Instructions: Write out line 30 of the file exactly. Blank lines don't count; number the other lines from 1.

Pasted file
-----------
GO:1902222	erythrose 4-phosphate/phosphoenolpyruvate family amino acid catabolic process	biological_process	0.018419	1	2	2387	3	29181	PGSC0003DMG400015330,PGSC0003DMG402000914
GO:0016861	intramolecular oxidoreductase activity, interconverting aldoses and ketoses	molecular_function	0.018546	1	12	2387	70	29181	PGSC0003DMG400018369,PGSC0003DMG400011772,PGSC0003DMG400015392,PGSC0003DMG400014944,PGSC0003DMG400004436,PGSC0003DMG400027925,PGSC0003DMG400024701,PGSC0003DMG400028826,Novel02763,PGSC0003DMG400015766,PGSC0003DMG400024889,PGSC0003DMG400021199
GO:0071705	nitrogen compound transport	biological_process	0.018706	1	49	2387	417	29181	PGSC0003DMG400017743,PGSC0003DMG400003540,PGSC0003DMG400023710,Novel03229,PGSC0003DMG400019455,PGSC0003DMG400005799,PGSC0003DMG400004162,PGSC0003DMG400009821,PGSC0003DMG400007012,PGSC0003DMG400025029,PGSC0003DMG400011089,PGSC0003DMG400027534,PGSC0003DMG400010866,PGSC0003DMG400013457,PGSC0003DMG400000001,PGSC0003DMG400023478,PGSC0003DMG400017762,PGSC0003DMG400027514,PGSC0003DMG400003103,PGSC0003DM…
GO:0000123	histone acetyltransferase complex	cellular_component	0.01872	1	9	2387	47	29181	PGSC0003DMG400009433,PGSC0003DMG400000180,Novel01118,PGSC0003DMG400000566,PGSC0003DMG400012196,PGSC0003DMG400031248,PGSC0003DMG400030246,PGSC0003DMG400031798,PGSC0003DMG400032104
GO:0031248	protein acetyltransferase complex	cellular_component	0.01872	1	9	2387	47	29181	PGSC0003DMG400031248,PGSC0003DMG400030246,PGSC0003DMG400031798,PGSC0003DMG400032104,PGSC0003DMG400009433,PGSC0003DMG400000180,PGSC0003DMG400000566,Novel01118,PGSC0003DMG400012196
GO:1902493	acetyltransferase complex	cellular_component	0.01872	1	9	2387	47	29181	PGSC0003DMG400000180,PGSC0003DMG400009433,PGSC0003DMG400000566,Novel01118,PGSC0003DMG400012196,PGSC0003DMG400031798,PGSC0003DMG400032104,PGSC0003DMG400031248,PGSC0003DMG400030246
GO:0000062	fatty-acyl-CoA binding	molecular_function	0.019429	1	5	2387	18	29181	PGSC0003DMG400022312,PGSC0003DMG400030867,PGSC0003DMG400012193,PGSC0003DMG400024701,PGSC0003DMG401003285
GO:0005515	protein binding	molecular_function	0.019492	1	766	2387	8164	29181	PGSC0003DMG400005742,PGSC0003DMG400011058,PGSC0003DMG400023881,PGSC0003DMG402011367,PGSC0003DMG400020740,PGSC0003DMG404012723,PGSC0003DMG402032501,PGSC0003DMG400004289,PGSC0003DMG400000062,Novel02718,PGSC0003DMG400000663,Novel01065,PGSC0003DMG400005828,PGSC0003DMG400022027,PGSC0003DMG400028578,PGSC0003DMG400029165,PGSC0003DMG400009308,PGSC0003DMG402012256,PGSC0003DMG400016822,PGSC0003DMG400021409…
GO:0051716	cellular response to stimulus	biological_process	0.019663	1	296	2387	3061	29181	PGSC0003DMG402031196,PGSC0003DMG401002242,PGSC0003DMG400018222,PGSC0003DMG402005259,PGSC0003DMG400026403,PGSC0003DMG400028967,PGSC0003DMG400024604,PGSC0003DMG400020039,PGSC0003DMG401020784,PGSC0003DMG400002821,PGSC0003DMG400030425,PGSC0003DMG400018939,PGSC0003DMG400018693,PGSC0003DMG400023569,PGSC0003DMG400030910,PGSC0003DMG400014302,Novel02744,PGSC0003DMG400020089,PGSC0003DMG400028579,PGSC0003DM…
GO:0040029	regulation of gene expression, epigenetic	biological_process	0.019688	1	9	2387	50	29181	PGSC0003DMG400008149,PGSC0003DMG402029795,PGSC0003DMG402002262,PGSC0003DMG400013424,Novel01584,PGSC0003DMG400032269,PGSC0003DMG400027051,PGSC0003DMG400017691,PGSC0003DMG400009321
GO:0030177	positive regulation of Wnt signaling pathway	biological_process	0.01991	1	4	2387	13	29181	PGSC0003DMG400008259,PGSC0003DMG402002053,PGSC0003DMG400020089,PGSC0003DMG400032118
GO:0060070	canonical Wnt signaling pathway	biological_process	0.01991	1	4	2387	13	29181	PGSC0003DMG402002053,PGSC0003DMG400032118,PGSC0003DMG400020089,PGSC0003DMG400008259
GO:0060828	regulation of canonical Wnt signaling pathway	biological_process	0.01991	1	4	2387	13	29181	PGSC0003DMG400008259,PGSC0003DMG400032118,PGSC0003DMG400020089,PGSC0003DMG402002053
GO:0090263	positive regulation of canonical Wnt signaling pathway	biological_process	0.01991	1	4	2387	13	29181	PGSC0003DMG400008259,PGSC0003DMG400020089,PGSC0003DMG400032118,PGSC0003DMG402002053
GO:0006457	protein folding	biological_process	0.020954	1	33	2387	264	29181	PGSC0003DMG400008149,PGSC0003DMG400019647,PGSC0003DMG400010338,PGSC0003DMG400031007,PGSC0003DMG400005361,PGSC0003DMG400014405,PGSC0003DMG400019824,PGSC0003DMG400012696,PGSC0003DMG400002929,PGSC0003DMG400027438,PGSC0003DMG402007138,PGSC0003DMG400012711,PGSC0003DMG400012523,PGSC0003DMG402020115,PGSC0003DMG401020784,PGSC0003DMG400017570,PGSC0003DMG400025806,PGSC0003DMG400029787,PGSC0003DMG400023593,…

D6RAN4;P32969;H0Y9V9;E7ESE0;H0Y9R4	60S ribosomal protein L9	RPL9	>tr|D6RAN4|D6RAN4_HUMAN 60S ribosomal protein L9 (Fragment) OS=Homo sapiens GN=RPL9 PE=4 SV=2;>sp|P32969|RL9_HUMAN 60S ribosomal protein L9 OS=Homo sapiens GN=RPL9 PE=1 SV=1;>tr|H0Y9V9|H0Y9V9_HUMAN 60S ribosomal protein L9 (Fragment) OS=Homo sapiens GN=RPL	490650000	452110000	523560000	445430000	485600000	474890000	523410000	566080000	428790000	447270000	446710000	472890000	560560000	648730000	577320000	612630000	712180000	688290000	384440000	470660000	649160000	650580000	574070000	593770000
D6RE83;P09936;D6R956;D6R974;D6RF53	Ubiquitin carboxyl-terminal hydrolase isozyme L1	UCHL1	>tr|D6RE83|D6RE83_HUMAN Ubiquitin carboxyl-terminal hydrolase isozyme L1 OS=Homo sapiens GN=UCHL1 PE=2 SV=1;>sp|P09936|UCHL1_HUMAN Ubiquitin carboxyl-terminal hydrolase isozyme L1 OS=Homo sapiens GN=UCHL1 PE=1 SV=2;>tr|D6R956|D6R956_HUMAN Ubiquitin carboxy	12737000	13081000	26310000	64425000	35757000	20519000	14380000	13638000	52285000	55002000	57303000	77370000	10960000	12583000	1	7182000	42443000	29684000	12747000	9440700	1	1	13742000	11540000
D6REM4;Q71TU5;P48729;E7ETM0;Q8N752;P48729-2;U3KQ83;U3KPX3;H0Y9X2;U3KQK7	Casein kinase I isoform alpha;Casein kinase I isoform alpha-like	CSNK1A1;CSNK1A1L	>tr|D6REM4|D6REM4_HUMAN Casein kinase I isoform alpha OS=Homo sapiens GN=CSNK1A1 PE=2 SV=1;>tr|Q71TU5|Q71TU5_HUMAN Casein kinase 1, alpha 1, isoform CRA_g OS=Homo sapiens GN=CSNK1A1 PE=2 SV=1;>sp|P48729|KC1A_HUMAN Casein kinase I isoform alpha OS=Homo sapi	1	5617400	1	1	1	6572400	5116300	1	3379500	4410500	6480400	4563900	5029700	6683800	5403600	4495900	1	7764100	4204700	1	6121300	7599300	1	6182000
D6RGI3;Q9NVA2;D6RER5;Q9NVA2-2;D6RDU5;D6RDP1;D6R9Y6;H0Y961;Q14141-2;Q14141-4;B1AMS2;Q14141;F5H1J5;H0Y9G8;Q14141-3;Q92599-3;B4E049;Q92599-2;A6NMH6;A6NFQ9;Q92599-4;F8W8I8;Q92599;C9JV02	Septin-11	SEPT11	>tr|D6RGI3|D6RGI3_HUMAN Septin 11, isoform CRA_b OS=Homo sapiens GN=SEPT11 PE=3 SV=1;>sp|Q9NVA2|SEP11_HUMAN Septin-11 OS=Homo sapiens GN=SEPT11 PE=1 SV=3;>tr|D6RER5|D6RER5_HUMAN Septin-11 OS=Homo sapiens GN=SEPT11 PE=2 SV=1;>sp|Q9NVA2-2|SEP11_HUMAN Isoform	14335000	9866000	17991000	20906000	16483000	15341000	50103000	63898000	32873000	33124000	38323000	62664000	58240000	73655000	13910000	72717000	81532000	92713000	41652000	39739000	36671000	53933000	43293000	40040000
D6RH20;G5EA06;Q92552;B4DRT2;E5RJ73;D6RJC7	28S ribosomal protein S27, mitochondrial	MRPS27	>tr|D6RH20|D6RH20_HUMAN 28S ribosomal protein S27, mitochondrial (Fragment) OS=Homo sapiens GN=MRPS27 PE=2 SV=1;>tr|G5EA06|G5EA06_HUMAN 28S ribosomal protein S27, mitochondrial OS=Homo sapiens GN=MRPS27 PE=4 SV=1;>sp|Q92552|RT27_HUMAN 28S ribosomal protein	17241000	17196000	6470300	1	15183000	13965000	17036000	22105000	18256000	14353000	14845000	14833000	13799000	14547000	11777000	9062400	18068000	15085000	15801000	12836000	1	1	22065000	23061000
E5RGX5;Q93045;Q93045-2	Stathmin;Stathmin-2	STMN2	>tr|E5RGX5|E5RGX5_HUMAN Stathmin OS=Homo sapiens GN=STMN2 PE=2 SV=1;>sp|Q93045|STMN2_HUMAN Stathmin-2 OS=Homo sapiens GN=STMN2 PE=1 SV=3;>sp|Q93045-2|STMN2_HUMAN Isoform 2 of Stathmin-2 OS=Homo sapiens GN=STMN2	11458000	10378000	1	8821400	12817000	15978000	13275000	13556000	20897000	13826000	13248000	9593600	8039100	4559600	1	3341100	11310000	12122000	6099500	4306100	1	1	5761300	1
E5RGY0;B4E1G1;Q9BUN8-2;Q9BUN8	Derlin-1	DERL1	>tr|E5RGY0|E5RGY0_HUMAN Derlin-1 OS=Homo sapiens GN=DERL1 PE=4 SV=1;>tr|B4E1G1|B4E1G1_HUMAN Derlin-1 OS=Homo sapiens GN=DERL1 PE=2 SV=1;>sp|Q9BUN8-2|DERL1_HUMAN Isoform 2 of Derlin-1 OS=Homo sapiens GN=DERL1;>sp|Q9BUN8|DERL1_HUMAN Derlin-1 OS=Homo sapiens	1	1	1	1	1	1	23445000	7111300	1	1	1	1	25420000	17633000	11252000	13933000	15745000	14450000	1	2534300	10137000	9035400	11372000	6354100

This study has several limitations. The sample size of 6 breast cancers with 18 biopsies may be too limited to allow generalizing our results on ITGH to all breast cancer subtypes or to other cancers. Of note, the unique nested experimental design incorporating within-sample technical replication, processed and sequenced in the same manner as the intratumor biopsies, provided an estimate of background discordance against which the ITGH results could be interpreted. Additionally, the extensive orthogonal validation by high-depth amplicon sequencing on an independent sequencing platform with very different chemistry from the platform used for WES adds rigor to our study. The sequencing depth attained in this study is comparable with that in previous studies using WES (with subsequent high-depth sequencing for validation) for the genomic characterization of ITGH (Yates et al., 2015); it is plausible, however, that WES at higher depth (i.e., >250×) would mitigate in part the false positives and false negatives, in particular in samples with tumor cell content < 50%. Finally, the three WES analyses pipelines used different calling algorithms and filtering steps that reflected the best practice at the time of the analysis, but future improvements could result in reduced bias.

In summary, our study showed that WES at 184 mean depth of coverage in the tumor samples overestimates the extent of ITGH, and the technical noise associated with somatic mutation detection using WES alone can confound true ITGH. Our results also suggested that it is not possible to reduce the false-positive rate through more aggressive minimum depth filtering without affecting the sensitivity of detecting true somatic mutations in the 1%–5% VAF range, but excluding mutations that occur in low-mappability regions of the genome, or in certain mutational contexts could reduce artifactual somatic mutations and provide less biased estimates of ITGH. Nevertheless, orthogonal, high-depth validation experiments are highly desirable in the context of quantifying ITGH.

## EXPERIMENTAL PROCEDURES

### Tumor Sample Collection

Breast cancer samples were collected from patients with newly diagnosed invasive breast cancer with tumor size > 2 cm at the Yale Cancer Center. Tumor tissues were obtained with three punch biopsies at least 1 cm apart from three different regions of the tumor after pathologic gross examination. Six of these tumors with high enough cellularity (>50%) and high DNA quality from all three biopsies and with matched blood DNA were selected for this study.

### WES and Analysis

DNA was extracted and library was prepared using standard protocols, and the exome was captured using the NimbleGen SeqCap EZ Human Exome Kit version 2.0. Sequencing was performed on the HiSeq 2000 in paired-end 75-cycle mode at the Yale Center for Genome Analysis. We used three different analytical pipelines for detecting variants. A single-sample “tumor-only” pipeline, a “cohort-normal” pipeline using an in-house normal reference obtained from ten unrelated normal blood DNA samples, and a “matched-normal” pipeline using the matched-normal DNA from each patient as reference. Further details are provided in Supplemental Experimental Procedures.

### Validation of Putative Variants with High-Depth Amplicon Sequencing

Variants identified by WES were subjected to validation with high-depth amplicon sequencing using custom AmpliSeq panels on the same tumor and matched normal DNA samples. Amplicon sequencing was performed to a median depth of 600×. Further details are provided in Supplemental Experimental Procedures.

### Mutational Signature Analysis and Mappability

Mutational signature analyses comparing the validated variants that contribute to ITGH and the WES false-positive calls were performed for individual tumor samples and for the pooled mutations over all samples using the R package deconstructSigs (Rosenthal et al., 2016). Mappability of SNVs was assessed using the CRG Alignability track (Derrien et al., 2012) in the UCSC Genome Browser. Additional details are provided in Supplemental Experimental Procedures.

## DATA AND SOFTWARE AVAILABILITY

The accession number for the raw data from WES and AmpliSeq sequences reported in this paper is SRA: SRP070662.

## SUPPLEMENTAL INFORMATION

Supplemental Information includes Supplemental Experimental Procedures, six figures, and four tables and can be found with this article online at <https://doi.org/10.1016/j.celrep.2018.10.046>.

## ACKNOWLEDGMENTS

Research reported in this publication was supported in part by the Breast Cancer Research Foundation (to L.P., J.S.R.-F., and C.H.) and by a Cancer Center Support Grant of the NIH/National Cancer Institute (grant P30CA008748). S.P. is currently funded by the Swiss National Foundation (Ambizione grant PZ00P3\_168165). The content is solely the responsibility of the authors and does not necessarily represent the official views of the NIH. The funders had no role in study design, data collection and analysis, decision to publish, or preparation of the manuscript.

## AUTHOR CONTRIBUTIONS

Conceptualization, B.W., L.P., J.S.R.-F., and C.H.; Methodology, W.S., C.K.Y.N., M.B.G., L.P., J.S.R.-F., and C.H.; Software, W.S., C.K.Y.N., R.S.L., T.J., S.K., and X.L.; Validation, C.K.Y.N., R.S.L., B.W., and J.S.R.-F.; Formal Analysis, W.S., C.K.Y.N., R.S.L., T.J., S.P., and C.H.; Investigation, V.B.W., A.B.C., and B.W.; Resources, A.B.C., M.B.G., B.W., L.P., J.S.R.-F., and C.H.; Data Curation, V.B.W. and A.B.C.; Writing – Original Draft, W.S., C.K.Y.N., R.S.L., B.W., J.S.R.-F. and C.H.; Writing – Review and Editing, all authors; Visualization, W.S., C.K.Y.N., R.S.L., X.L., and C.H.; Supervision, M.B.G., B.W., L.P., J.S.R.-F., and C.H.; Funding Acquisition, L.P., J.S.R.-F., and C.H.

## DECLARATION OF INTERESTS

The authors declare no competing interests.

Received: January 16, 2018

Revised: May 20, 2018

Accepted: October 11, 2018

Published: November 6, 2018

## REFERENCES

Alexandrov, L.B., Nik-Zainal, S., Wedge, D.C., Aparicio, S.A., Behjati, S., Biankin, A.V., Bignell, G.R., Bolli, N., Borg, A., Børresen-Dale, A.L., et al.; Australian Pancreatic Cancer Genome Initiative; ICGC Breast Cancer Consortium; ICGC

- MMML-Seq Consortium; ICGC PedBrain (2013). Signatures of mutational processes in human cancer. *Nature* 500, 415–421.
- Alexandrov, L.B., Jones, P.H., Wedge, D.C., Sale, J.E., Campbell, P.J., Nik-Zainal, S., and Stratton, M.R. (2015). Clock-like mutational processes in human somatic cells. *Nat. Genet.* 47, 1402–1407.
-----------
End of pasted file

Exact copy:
### Validation of Putative Variants with High-Depth Amplicon Sequencing